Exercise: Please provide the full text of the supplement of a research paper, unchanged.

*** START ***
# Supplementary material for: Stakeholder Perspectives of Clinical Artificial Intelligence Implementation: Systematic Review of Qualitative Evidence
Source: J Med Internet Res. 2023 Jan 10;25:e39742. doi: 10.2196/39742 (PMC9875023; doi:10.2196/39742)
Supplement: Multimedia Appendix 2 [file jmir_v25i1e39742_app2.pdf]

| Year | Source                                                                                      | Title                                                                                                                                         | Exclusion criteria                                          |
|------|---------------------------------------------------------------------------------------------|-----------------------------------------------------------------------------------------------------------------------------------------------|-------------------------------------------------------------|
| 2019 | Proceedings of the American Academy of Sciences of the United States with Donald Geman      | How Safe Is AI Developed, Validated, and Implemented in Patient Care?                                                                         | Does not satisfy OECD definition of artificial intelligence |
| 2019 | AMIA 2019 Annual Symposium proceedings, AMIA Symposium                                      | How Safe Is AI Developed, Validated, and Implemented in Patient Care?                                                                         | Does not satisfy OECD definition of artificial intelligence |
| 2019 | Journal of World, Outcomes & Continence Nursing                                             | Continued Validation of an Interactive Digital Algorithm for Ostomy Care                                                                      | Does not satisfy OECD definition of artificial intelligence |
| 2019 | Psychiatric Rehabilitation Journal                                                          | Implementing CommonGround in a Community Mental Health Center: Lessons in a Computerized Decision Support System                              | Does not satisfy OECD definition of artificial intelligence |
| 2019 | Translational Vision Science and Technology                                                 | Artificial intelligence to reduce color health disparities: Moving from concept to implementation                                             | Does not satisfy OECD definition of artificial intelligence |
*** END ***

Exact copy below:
# Supplementary material for: Stakeholder Perspectives of Clinical Artificial Intelligence Implementation: Systematic Review of Qualitative Evidence
Source: J Med Internet Res. 2023 Jan 10;25:e39742. doi: 10.2196/39742 (PMC9875023; doi:10.2196/39742)
Supplement: Multimedia Appendix 2 [file jmir_v25i1e39742_app2.pdf]

| Year | Source                                                                                      | Title                                                                                                                                         | Exclusion criteria                                          |
|------|---------------------------------------------------------------------------------------------|-----------------------------------------------------------------------------------------------------------------------------------------------|-------------------------------------------------------------|
| 2019 | Proceedings of the American Academy of Sciences of the United States with Donald Geman      | How Safe Is AI Developed, Validated, and Implemented in Patient Care?                                                                         | Does not satisfy OECD definition of artificial intelligence |
| 2019 | AMIA 2019 Annual Symposium proceedings, AMIA Symposium                                      | How Safe Is AI Developed, Validated, and Implemented in Patient Care?                                                                         | Does not satisfy OECD definition of artificial intelligence |
| 2019 | Journal of World, Outcomes & Continence Nursing                                             | Continued Validation of an Interactive Digital Algorithm for Ostomy Care                                                                      | Does not satisfy OECD definition of artificial intelligence |
| 2019 | Psychiatric Rehabilitation Journal                                                          | Implementing CommonGround in a Community Mental Health Center: Lessons in a Computerized Decision Support System                              | Does not satisfy OECD definition of artificial intelligence |
| 2019 | Translational Vision Science and Technology                                                 | Artificial intelligence to reduce color health disparities: Moving from concept to implementation                                             | Does not satisfy OECD definition of artificial intelligence |